The gentrification of addiction: Now that whites are addicted, the language of shame has changed
For years, America embraced the narrative that addiction was primarily a black and brown problem, especially in cities such as Philadelphia.
But just as our poorest and blackest neighborhoods have been overrun and rebranded by richer and whiter residents, drug abuse is in the midst of a makeover.
I call it the gentrification of addiction.
The numbers tell us why. In 2016, nearly 80 percent of Americans who died from heroin and similar drugs were white. With that truth emblazoned across America’s landscape, the language has changed, the problem has been rebranded, and white people who were silent during the crack crisis have suddenly recognized addiction as a medical issue.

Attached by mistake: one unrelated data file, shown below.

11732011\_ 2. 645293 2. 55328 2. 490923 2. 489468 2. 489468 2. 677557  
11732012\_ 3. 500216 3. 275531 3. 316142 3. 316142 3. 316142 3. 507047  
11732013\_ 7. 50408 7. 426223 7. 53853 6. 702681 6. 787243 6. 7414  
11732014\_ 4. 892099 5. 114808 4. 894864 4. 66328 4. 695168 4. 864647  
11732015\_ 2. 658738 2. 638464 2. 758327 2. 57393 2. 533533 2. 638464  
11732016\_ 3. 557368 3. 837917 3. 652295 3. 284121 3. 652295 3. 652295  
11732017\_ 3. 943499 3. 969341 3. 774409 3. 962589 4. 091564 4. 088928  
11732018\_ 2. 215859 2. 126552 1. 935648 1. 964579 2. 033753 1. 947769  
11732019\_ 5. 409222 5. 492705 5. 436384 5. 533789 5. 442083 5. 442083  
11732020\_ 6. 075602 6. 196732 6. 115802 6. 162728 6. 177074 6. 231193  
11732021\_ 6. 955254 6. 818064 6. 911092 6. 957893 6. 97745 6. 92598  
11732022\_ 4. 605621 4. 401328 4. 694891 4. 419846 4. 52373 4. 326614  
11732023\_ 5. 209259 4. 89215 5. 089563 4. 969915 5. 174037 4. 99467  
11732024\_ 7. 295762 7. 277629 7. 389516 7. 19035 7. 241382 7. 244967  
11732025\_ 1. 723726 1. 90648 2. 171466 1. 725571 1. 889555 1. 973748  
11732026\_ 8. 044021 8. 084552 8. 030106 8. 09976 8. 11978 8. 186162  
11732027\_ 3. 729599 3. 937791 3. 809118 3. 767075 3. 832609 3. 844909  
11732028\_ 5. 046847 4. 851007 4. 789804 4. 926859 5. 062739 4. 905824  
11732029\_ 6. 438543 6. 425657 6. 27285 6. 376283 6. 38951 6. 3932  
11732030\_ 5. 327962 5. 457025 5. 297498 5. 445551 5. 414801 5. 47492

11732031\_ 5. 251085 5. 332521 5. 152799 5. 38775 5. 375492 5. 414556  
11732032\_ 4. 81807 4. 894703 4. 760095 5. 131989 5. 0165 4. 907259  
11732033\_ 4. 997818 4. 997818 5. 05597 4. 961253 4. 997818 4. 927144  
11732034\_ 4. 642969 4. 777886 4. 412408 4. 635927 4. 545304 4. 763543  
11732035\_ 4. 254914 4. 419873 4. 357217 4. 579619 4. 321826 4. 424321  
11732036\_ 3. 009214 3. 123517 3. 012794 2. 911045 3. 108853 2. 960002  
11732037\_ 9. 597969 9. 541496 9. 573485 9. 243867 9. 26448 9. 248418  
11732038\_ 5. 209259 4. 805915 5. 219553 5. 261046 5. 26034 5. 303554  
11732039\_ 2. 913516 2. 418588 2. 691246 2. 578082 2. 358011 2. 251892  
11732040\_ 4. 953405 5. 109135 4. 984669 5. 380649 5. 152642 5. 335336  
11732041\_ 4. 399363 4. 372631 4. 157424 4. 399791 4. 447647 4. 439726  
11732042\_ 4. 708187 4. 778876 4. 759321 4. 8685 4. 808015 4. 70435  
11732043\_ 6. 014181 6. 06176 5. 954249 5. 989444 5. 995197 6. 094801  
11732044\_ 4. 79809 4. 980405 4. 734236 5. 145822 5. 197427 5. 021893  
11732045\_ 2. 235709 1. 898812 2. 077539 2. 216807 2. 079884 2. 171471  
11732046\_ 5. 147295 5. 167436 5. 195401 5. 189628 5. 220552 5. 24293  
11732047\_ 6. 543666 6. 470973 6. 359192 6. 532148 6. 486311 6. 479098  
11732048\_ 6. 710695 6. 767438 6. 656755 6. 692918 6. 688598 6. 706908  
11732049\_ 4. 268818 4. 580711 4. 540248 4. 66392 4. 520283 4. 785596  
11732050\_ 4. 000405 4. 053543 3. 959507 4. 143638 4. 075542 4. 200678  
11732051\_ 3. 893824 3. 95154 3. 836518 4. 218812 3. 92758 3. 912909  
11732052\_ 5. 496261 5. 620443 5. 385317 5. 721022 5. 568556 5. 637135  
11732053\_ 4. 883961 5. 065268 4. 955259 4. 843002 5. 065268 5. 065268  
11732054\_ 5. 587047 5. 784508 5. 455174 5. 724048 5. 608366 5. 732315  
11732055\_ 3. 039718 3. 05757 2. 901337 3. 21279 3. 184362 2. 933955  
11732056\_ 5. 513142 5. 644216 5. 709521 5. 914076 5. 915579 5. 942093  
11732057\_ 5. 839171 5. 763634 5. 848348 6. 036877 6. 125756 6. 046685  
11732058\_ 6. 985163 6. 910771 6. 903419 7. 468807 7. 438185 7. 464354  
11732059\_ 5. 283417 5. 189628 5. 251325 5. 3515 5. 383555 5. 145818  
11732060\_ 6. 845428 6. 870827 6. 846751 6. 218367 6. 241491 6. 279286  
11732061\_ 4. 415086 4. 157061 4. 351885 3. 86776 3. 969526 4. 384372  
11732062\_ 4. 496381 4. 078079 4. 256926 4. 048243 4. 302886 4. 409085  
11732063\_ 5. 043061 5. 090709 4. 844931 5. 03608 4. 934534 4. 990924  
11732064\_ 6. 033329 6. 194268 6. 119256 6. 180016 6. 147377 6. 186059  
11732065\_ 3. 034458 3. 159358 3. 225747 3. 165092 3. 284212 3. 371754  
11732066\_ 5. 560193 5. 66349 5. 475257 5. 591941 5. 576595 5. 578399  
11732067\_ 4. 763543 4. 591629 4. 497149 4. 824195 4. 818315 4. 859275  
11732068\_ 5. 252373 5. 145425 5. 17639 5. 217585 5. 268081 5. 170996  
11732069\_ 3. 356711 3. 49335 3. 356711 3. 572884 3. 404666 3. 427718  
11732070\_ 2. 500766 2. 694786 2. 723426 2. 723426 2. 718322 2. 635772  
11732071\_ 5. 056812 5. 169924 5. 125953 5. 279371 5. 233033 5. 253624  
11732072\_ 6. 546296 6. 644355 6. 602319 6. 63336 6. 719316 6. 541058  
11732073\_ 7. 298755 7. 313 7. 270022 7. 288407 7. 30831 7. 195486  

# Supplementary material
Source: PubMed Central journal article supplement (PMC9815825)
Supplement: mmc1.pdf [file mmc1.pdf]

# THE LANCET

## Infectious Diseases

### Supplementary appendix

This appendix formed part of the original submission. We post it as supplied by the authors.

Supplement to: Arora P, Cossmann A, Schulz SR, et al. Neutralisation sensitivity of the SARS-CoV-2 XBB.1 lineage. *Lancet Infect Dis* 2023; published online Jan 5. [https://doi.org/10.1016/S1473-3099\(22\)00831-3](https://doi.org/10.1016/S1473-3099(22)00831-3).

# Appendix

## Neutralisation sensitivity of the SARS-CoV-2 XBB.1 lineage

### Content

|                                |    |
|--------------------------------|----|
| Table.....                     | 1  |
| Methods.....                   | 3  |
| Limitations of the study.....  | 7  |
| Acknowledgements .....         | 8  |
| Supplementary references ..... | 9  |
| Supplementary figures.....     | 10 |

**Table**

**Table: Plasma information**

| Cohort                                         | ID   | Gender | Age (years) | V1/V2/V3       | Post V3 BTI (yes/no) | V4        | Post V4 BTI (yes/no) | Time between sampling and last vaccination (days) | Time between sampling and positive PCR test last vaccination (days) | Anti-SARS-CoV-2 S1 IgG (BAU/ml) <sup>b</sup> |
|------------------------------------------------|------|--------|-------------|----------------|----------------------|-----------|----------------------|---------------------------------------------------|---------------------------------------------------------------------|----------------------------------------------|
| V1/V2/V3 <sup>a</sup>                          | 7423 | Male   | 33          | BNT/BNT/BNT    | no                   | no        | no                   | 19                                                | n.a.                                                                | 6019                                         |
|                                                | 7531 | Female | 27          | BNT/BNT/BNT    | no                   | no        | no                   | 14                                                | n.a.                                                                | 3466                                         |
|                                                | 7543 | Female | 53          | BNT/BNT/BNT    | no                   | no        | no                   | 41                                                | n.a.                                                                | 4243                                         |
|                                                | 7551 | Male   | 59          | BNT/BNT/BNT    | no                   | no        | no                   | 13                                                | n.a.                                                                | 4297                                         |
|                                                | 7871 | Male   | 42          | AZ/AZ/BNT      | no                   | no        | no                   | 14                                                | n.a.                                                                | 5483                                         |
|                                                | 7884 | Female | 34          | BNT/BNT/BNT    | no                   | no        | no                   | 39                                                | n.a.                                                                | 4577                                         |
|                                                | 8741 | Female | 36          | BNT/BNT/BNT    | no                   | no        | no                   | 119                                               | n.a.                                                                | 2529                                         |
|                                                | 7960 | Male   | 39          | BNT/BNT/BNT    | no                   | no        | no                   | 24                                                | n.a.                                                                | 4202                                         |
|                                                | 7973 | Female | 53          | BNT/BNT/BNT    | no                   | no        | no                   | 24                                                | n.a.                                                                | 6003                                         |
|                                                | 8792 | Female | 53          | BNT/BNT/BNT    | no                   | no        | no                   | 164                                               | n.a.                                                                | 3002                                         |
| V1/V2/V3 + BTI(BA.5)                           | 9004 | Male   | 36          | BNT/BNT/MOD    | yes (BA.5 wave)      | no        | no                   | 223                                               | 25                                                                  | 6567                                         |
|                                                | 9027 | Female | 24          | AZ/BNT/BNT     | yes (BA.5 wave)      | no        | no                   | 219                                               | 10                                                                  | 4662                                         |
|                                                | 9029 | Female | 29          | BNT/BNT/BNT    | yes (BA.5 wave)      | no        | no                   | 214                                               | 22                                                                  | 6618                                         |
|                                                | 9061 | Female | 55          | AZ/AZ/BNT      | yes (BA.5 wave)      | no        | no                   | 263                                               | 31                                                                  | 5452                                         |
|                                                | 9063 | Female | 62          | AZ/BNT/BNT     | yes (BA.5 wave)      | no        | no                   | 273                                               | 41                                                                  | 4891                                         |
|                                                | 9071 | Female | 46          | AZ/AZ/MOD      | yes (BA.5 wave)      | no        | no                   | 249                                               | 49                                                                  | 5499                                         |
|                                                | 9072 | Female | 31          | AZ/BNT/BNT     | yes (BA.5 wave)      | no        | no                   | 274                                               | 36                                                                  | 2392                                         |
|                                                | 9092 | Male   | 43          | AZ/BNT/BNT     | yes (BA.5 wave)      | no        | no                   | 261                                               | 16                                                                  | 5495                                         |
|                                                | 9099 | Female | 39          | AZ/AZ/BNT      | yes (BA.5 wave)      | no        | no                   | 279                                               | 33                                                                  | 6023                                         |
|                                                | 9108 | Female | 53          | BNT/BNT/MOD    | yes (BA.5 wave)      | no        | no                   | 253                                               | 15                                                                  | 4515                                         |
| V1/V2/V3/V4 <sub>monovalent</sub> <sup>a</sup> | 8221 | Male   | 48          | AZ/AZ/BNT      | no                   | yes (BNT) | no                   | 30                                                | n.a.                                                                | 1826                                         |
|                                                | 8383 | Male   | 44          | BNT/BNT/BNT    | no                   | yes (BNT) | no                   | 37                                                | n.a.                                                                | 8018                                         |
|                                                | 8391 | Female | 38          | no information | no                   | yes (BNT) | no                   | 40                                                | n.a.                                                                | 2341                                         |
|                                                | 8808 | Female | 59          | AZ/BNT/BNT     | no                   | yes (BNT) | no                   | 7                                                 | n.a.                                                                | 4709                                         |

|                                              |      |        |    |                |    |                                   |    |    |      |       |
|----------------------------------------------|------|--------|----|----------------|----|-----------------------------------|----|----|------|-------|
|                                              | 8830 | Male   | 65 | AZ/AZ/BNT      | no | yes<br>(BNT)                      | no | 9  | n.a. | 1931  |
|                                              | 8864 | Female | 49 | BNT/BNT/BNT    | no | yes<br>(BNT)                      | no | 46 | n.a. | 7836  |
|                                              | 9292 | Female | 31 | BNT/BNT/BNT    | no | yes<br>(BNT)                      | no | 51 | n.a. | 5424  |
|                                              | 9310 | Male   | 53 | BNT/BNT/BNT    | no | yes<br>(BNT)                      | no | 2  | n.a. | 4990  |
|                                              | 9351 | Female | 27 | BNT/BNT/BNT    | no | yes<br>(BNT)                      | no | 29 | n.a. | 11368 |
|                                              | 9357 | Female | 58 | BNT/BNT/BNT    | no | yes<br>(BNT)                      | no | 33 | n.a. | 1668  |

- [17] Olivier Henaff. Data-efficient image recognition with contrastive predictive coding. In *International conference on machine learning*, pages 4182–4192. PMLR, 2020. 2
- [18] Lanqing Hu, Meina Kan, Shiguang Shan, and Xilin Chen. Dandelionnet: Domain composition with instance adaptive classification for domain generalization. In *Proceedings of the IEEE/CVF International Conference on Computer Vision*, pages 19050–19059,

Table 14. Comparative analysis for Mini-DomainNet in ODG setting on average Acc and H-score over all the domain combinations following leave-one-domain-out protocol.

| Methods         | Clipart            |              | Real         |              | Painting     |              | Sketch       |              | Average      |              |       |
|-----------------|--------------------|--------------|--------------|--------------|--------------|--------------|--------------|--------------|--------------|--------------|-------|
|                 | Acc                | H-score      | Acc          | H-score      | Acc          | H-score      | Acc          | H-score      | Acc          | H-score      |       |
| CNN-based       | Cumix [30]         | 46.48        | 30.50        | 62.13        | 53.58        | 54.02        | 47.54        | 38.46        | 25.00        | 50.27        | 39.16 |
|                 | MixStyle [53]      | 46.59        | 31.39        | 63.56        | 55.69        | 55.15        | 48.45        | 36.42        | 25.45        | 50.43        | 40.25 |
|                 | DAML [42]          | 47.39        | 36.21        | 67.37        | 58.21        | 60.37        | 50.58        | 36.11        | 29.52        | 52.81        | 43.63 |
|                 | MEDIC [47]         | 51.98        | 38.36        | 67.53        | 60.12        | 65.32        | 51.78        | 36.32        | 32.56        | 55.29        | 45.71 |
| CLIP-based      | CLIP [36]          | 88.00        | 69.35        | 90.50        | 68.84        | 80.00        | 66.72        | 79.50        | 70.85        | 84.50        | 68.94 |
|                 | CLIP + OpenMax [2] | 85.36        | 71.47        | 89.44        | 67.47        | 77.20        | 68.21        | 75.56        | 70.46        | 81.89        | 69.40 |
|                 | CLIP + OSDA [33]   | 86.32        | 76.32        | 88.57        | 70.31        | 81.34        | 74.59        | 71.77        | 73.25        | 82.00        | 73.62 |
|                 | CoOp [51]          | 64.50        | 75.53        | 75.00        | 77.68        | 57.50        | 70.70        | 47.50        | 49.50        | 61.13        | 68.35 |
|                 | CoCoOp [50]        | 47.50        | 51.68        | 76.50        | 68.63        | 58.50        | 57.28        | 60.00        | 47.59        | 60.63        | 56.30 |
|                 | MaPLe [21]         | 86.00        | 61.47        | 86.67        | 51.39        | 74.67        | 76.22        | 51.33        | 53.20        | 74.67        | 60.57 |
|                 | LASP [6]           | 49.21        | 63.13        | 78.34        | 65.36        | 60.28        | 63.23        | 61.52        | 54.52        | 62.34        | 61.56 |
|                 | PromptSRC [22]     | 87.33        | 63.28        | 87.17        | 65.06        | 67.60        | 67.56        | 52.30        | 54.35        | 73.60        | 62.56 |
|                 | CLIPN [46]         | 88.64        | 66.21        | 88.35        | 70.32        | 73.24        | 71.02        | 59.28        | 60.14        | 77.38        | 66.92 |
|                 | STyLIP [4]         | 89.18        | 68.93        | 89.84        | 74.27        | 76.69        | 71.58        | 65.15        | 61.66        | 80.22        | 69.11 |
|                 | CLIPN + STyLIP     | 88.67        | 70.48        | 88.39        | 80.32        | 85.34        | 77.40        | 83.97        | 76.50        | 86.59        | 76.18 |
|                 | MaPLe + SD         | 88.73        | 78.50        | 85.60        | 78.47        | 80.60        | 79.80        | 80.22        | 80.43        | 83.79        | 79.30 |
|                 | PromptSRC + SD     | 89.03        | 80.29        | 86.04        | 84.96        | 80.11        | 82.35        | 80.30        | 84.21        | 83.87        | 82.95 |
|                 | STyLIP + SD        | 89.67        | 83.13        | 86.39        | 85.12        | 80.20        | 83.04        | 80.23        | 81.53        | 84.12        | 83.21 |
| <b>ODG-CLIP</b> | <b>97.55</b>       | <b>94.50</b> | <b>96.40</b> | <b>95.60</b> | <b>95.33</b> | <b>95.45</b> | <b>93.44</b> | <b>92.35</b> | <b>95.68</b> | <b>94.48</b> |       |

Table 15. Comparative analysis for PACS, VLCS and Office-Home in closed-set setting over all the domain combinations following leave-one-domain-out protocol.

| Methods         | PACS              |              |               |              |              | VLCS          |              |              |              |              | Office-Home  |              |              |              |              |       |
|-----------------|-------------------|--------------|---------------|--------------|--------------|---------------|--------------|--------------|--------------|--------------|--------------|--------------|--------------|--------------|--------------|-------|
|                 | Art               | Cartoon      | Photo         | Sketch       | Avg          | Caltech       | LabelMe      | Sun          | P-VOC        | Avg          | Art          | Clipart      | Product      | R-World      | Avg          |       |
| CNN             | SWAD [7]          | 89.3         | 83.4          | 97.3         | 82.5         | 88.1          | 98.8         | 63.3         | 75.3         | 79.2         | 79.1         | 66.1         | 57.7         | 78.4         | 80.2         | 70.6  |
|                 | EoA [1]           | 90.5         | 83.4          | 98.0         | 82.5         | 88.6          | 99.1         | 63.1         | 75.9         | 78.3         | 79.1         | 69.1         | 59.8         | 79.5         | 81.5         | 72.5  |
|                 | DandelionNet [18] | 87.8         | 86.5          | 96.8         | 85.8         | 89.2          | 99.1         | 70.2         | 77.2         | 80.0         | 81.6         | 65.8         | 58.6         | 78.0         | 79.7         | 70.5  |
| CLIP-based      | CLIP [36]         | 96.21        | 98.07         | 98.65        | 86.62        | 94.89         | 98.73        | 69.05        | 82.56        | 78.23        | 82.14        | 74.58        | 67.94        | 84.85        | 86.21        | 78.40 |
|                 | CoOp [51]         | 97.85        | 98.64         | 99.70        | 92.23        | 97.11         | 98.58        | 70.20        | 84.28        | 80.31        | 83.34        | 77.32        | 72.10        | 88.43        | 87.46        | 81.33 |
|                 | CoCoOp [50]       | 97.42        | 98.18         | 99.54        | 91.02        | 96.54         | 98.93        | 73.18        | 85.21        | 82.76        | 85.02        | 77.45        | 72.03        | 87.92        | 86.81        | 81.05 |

Tim Golden, a critical race theorist and professor of philosophy at Walla Walla University, has watched the change with mounting concern.
“As if African Americans in the mid- to late ’80s who were addicted to crack cocaine — as if that was not a medical issue,” he told me in a recent radio interview. “As if it was not a medical issue … when heroin was the drug of use in the black community. There was no talk of safe injection sites … There was no talk of that.
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